• Now use a biscuit cutter to cut out the dough.
  • Gently press together any scraps and use them to make more biscuits. Be careful not to over work these scraps or they will end up tough. 
  • Place the biscuits on the sheet pan lined with parchment paper. Make sure they have enough space to expand slightly in the oven. They will grow up more than out, so they can be placed fairly close.
  • Bake at 425°F for about 15 minutes or until they are golden brown on top.
Tried this recipe?Let us know how it was!

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26 thoughts to “Tender & Flaky Homemade Biscuits”

  1. 5 stars
    I made these two days in a row. First, for a Southern Living themed dinner party and they were so good, I made them the next morning for our family. Delish! I brushed melted butter on them before baking and again after they came out of the oven. They were a huge hit! Perfect texture and just the right amount of crisp on the bottom. Zoe you are my new go to for all things baking. Thank you!

    1. Hi Wendy! We are so thrilled you enjoy this recipe. Thank you for taking the time to leave a review!

  2. 5 stars
    This morning was the second time I made these biscuits.
    Today’s bake had about a tablespoon of lemon zest added.
    I also used half all purpose flour and half pasta/pizza flour.
    Tasty, light, flaky and just the right amount of ‘tooth’.
    Thanks Zoe for the layering tip…it makes the flakes!!
    Margaret

  3. I was just wondering if you could update the recipe for the quick fold biscuits to reflect what she does on her show, which was 4 Tb butter and then another 4 Tb if that is correct?

    By the way…I love all Zoe’s recipes and the show! When is another season coming out? Soon, I hope!

    1. Hi Kathie! The quick-fold recipe from the show is listed just above the recipe card on this post. I hope this helps! So glad to hear you’re loving the show. No news of a new season, but we’ll keep you posted if we hear anything new. Cheers!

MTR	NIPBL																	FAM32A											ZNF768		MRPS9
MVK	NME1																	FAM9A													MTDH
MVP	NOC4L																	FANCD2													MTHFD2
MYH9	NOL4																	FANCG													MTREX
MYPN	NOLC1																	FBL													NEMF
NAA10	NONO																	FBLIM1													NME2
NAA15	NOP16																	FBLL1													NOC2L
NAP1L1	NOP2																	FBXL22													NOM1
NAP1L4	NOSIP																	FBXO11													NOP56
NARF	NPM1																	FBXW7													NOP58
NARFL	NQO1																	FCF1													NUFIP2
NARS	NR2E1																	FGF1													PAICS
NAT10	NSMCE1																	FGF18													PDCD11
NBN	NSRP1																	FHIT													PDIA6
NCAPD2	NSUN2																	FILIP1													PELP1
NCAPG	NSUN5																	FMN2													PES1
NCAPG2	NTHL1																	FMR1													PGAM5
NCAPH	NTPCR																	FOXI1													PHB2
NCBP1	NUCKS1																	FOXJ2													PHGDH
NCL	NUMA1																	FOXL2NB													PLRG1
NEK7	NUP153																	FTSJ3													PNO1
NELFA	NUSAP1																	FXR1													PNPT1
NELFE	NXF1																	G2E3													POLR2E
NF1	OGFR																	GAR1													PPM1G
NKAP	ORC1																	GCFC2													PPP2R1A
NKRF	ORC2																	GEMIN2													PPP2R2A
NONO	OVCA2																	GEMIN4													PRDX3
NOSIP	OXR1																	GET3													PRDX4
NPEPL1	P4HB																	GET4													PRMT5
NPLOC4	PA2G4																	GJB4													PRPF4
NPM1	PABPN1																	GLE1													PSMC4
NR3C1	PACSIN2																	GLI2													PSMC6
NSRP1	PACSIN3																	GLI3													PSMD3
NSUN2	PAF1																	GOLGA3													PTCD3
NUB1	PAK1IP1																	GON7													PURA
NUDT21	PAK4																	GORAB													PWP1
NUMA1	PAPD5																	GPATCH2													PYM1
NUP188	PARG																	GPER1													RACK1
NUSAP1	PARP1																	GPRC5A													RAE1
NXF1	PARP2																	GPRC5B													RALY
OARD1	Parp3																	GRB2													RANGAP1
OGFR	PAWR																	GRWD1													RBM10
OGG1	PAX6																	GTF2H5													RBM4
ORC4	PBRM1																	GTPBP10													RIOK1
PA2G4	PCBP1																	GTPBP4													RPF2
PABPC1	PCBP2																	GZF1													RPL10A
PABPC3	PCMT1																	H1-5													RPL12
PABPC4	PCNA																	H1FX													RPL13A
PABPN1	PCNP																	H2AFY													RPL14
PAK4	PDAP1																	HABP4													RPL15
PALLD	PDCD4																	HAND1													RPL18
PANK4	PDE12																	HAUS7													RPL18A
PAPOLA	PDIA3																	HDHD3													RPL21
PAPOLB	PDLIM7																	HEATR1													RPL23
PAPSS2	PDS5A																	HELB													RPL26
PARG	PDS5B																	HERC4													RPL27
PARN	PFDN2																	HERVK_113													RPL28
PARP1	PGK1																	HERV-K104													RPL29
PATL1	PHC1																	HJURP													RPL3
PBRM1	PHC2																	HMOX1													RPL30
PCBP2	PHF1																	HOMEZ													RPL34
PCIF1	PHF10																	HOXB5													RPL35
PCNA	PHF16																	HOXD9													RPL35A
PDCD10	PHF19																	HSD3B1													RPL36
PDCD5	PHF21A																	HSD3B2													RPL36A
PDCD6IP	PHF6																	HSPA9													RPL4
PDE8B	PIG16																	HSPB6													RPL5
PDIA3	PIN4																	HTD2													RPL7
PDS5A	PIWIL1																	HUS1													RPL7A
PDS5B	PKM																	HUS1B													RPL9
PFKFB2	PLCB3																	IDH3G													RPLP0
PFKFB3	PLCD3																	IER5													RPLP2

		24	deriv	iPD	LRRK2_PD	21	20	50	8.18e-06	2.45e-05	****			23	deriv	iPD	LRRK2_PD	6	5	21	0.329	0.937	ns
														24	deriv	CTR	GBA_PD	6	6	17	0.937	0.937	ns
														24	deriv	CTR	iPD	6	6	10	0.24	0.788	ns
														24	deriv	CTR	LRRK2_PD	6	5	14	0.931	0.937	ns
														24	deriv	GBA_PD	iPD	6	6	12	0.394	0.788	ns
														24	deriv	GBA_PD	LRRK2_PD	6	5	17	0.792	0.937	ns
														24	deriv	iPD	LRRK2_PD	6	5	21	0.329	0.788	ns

4. 5 stars
    I was curious if the salt called for in the recipe is for Diamond Kosher salt or regular old table salt? Thanks!

    1. Thank you for asking! It is kosher salt. I’ve updated the recipe to make it more clear. Happy baking!

  5. I am a lot of things, but baker isn’t on the list. Everything is step by step for me. The biscuits you made after baking with Justin? Quick Fold Biscuits called for one cup of butter. I saw one stick go in the processor but not the other. Help? these are the biscuits made with yogurt, an idea I love. Thanks Zoe

  6. 5 stars
    Dear Zoe,

    Since i saw your first episode on the Magnolia Network I was anxiously waiting for more episodes! You are my favorite program on the network! I have been very ill since last November and haven’t been able to cook but I am so excited and cannot wait to try your recipes; they all sound so wonderful.

    You are such a delightful person! Thanks so much for sharing with us.

    Take care and thanks again!

  7. Love your new show on Magnolia Network! This recipe and method is different than what is shown on the Biscuit Bake episode though and their link is to this page. Will you be amending this recipe or posting an alternate version to match the show?

    1. Hi Colleen,